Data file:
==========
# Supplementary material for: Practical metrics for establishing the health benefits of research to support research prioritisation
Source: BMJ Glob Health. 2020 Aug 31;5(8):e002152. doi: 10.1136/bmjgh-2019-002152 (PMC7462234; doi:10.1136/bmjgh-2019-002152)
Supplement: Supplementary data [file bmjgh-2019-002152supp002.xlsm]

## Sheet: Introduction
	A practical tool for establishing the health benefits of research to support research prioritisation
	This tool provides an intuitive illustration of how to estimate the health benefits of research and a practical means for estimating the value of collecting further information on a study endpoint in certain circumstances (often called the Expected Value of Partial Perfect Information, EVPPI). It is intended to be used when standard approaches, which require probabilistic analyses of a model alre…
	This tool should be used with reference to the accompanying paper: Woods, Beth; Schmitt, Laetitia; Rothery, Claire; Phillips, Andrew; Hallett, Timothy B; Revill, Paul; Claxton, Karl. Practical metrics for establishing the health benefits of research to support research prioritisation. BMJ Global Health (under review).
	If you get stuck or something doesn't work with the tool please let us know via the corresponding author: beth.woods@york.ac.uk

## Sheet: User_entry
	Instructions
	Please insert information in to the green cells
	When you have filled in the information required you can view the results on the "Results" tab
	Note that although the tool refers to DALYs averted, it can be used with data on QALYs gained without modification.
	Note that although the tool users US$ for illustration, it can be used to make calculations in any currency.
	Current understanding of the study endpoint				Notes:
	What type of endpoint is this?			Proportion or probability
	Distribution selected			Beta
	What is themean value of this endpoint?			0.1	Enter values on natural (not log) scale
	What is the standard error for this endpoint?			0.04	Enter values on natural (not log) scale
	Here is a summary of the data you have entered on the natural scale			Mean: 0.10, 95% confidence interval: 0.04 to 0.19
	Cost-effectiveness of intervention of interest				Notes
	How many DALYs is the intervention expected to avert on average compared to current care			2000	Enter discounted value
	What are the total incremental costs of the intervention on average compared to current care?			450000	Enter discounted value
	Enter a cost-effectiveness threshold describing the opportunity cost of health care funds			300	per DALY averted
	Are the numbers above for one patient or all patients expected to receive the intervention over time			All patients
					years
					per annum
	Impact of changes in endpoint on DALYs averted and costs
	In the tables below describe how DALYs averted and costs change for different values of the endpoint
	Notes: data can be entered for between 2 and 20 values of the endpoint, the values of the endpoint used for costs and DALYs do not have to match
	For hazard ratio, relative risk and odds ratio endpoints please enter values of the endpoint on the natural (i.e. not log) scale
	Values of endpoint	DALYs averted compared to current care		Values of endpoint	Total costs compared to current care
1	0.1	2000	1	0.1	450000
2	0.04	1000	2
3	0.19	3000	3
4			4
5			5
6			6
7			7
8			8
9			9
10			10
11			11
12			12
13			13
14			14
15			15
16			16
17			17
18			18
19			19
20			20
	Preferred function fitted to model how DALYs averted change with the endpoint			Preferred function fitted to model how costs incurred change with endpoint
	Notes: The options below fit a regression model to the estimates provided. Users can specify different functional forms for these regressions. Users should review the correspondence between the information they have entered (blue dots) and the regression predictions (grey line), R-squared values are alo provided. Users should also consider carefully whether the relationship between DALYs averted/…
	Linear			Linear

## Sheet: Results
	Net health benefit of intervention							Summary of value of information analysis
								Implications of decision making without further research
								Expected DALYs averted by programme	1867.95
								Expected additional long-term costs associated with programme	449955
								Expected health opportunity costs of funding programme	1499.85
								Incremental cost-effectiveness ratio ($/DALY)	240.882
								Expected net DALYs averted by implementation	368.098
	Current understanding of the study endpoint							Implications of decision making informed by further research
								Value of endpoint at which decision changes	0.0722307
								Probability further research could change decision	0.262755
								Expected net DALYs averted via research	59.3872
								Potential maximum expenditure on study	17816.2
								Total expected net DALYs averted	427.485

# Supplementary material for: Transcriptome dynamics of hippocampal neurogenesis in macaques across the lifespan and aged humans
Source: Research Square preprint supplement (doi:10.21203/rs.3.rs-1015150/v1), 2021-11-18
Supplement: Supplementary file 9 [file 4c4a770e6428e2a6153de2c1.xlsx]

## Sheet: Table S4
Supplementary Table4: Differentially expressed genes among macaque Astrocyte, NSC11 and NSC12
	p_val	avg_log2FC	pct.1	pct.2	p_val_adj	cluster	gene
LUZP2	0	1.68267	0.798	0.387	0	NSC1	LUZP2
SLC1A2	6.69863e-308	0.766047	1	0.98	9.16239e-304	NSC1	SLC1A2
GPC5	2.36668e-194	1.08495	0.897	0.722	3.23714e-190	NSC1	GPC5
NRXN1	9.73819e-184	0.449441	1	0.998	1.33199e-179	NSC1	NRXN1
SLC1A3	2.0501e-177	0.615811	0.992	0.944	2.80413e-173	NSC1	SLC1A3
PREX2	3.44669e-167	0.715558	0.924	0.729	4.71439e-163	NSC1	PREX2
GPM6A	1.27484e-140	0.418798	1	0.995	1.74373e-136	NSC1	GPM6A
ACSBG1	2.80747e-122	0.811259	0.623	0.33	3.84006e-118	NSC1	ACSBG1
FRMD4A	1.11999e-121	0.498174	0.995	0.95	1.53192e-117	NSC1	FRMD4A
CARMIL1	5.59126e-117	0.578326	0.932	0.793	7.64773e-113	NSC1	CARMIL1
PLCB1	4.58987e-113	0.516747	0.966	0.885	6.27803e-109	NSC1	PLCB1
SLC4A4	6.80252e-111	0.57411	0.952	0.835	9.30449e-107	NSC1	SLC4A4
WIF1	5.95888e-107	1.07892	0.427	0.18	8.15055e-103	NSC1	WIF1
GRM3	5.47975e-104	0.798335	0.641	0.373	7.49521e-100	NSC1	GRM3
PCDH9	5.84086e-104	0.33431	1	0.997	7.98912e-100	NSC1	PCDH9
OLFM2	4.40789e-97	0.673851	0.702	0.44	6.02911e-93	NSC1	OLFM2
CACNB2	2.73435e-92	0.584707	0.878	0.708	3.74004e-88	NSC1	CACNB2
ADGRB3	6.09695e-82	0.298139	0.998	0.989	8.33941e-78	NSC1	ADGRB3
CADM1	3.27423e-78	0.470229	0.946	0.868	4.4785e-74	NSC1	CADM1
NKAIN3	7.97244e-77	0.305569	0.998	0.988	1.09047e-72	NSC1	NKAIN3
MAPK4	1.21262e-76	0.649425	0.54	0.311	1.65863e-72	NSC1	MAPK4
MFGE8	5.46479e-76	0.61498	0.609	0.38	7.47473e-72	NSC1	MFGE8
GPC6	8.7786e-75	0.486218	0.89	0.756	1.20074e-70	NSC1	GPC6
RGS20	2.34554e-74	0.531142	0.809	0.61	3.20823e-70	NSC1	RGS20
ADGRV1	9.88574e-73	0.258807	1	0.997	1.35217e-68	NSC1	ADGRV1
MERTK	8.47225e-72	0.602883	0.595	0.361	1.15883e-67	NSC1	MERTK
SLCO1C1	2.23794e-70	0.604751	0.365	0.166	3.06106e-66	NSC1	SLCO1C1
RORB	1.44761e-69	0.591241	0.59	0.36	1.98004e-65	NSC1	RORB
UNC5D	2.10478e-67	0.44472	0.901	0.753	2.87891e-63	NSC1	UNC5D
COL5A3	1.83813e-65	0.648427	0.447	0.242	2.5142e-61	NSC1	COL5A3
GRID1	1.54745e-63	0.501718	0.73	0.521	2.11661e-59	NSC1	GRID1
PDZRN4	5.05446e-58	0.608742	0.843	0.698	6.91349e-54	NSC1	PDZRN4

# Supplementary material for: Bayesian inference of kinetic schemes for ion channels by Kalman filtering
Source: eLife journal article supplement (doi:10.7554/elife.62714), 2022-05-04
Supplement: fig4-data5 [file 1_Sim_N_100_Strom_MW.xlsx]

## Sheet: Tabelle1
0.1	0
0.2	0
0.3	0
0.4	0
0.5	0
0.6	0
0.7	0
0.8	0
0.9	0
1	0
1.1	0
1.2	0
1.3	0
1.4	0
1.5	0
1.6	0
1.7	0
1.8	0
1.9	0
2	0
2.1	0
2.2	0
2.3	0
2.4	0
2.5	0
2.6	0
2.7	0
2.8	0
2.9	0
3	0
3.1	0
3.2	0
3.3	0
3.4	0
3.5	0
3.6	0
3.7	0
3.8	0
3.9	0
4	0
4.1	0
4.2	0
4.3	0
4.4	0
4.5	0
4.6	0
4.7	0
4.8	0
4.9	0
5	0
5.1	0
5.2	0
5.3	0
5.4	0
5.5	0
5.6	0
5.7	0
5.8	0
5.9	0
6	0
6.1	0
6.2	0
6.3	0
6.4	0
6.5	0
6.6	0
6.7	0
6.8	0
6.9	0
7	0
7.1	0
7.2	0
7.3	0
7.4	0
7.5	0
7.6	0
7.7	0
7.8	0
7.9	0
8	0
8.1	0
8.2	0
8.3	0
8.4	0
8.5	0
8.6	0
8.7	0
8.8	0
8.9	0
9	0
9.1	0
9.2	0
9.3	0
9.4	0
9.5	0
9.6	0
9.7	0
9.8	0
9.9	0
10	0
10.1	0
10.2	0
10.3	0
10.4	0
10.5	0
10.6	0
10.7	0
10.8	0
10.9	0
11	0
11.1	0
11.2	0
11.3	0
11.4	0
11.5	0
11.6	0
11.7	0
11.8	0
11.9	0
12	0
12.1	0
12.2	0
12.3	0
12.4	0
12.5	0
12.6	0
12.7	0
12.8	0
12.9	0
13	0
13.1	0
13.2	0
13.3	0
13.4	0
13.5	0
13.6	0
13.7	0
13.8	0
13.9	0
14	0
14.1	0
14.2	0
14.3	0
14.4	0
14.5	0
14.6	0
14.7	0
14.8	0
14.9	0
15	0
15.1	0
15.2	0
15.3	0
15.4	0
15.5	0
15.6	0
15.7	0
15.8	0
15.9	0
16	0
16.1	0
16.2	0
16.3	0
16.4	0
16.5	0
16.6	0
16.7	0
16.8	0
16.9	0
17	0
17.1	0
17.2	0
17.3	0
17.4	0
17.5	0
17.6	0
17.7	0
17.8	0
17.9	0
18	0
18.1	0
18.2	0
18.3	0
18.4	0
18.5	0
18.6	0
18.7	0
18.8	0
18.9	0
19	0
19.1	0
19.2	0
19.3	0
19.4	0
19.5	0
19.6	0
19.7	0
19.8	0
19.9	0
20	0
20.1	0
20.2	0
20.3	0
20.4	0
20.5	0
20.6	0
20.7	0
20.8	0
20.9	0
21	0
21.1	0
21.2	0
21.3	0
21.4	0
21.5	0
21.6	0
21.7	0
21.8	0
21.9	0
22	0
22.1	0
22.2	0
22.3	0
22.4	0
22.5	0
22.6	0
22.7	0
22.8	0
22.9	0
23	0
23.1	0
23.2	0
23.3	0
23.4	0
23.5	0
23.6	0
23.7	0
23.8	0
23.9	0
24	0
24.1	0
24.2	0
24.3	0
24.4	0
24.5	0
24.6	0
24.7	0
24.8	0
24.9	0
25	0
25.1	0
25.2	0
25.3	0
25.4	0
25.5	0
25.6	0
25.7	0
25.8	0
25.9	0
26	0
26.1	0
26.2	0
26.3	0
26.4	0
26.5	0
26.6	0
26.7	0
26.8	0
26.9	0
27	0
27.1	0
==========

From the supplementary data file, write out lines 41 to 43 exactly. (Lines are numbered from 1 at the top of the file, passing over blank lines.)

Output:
9			9
10			10
11			11